Diet and Kidney Stones
Under microscope power, one can see the jagged surface of kidney stones. Not a nice picture to think of them scraping down your urinary canal! Kidney stones affect approximately 1 in 11 people in the United States. Twenty years ago it was only 1 in 20. Our first clue as to why the increase, was a study published in the 1970’s, which found a striking relationship between stone incidence and the consumption of animal protein. This was a population study, though, so it couldn’t prove cause and effect.
That study inspired researchers in Britain to do an interventional study, adding animal protein to subjects’ diets, such as an extra can of tuna fish a day, and measuring stone-forming risk factors in their urine. Participants’ overall probability of forming stones increased 250% during those days of extra fish. The so-called “high animal protein diet” was just enough to bring intake up to that of the average American. So, Americans’ intake of meat appears to markedly increase the risk of kidney stones.
What about consuming no meat at all? By the late 1970’s, we knew that the only dietary factor consistently associated with kidney stones was animal protein. The higher the intake of animal protein, the more likely the individual was to not only get their first kidney stone, also to suffer from subsequent multiple stones. This effect was not general high protein intake, but specifically high animal protein intake. Conversely, a diet low in animal protein may dramatically reduce the overall probability of forming stones. This may explain the apparently low incidence of stones in vegetarian societies; so, researchers advocated “a more vegetarian form of diet” as a means of reducing the risk.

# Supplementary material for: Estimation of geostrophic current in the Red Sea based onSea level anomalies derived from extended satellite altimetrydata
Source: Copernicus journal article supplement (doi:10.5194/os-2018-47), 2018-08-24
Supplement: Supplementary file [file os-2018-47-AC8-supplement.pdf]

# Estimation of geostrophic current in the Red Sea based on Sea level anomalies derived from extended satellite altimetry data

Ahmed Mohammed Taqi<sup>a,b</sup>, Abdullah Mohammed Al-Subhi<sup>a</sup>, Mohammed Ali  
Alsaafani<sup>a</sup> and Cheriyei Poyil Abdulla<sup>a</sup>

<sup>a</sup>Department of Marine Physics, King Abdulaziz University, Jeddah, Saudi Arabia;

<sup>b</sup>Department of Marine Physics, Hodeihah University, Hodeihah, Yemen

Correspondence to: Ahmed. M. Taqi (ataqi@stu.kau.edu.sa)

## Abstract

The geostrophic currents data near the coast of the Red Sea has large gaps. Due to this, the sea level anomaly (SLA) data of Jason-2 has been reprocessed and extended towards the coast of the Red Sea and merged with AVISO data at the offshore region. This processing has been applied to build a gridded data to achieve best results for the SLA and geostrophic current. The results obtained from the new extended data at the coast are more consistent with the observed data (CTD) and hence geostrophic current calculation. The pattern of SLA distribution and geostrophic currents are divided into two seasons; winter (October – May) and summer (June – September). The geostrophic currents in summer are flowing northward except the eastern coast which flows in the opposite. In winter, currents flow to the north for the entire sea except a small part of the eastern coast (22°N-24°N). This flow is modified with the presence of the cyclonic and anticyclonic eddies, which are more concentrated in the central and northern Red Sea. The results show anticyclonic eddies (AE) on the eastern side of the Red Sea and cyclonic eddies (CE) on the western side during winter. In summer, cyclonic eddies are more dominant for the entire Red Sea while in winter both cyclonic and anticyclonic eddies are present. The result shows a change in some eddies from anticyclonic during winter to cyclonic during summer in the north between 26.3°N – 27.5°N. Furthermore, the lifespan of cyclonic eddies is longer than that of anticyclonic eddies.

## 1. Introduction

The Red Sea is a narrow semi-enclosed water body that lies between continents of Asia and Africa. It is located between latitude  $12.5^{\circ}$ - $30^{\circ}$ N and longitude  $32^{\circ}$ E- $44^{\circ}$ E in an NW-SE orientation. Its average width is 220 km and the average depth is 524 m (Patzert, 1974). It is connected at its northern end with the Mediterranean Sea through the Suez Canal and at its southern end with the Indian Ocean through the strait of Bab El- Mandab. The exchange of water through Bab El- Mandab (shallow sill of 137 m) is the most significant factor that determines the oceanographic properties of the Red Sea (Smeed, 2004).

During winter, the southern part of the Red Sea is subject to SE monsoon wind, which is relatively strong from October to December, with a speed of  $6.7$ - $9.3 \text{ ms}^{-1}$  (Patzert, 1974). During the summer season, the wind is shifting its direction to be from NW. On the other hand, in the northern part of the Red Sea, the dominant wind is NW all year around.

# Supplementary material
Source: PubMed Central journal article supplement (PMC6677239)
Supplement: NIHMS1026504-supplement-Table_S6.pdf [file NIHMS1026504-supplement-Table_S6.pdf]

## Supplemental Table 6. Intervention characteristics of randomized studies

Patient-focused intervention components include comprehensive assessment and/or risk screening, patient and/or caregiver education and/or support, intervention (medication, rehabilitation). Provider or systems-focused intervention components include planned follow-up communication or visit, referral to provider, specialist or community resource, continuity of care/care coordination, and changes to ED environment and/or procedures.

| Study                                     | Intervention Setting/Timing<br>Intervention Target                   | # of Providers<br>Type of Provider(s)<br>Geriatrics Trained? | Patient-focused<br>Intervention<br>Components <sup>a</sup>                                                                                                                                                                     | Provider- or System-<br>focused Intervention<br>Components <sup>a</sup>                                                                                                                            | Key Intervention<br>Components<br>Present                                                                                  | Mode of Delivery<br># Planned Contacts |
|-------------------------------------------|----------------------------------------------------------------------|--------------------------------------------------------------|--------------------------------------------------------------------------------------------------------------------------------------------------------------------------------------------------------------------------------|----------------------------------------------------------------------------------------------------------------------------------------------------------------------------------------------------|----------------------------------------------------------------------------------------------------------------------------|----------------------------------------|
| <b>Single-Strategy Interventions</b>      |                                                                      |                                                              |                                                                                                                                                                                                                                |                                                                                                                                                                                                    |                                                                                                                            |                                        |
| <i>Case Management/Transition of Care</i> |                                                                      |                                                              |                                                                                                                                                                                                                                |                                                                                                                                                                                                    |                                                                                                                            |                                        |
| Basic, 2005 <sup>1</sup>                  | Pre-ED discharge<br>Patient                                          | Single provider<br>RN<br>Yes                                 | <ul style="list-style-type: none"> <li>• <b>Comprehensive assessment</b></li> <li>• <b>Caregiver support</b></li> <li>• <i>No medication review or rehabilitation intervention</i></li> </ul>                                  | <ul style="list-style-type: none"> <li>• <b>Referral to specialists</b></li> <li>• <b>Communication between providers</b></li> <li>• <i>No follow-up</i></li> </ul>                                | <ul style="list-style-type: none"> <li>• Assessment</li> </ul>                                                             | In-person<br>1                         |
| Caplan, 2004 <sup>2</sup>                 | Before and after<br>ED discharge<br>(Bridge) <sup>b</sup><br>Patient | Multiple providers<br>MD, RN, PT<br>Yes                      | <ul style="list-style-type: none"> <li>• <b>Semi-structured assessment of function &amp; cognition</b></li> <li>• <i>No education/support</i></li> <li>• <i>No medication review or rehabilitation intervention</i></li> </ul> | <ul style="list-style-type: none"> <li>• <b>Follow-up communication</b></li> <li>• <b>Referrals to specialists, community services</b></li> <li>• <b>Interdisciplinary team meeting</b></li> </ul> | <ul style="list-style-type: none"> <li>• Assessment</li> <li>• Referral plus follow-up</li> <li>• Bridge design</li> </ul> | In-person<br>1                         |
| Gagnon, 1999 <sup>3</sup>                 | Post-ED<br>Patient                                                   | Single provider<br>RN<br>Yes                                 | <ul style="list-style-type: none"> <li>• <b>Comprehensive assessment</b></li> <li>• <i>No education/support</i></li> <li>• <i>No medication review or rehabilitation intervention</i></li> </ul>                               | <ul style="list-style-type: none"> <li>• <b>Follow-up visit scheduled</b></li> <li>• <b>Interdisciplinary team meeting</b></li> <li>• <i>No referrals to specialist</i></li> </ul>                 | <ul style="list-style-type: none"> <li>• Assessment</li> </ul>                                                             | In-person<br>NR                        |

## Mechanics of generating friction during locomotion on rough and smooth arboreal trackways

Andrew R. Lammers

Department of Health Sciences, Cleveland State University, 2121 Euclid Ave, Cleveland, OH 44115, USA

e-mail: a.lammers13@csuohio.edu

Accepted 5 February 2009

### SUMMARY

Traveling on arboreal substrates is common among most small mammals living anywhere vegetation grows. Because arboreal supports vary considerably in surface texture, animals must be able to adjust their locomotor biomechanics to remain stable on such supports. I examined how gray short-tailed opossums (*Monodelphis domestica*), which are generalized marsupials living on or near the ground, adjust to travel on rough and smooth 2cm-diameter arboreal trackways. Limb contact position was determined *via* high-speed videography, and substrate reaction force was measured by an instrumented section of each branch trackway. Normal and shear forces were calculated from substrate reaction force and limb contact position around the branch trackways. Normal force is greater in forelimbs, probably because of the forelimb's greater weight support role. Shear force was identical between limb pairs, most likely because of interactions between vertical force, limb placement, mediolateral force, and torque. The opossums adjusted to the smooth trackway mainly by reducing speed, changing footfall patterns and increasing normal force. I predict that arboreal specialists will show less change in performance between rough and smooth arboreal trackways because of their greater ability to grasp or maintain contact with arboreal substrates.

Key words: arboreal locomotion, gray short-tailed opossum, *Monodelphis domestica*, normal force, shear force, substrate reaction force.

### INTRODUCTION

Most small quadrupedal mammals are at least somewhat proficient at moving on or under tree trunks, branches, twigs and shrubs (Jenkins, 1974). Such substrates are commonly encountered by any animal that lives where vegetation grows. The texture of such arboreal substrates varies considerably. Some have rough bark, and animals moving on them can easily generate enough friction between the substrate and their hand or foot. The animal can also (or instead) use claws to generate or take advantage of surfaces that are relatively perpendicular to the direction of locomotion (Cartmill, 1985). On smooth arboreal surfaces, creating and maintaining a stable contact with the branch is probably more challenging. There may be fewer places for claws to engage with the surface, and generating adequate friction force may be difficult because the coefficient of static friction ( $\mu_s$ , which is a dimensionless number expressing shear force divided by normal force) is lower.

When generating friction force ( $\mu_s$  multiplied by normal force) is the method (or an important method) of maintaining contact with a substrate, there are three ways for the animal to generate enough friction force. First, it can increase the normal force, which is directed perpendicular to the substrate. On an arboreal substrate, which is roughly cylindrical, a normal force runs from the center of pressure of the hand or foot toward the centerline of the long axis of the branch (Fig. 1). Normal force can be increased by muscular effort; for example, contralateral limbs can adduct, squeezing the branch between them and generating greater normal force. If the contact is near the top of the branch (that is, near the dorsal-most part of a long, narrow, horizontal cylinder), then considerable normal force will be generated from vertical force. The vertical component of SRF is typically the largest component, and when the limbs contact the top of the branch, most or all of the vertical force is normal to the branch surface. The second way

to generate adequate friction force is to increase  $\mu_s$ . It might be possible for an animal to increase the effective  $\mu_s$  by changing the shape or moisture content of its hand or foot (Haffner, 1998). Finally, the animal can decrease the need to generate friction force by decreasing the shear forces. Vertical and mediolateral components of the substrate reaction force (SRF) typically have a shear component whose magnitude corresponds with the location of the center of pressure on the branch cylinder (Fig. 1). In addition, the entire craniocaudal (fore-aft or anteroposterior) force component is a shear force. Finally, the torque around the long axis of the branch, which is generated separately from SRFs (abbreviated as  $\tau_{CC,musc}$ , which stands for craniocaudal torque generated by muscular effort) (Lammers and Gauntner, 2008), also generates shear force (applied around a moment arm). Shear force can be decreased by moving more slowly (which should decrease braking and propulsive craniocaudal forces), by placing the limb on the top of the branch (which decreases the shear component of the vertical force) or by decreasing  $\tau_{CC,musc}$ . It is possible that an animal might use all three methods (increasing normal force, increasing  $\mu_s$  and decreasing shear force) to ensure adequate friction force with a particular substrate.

It wasn’t until 2014 that vegetarian kidney stone risk was studied in detail. Using hospital admissions data, researchers found that vegetarians were indeed at a lower risk of being hospitalized for kidney stones. It’s not all or nothing, though. Among meat-eaters, increasing meat intake is associated with a higher risk of developing kidney stones, whereas a high intake of fresh fruit, fiber, and magnesium may reduce the risk.
Which animal protein is the worst? Despite compelling evidence that excessive animal protein consumption enhances the risk of stone formation, the effect of different sources of animal protein had not been explored until another study in 2014. Researchers compared the effects of salmon and cod, chicken breast meat, and burger and steak. In terms of uric acid production, they found that gram for gram fish may actually be worse. However, the overall effects were complex. Basically, stone formers should be counseled to limit the intake of all animal proteins, and not by just a little bit. Only those who markedly decrease their animal protein intake may expect to benefit.
- Nutritional Facts, Michael Greger M.D. FACLM, May 2, 2017
Recipe of the Month
½ c buckwheat flour
¼ c brown rice flour
1t aluminium free baking powder
¾ c non-dairy milk
1 ripe banana, mashed (or 1 blended apple/pear)
Mix ingredients in bowl.
Cook in flat press for around 2 min each, or hot pan until ready.
Serve with stewed apple/pear.
—Highwood Health Cookbook p.9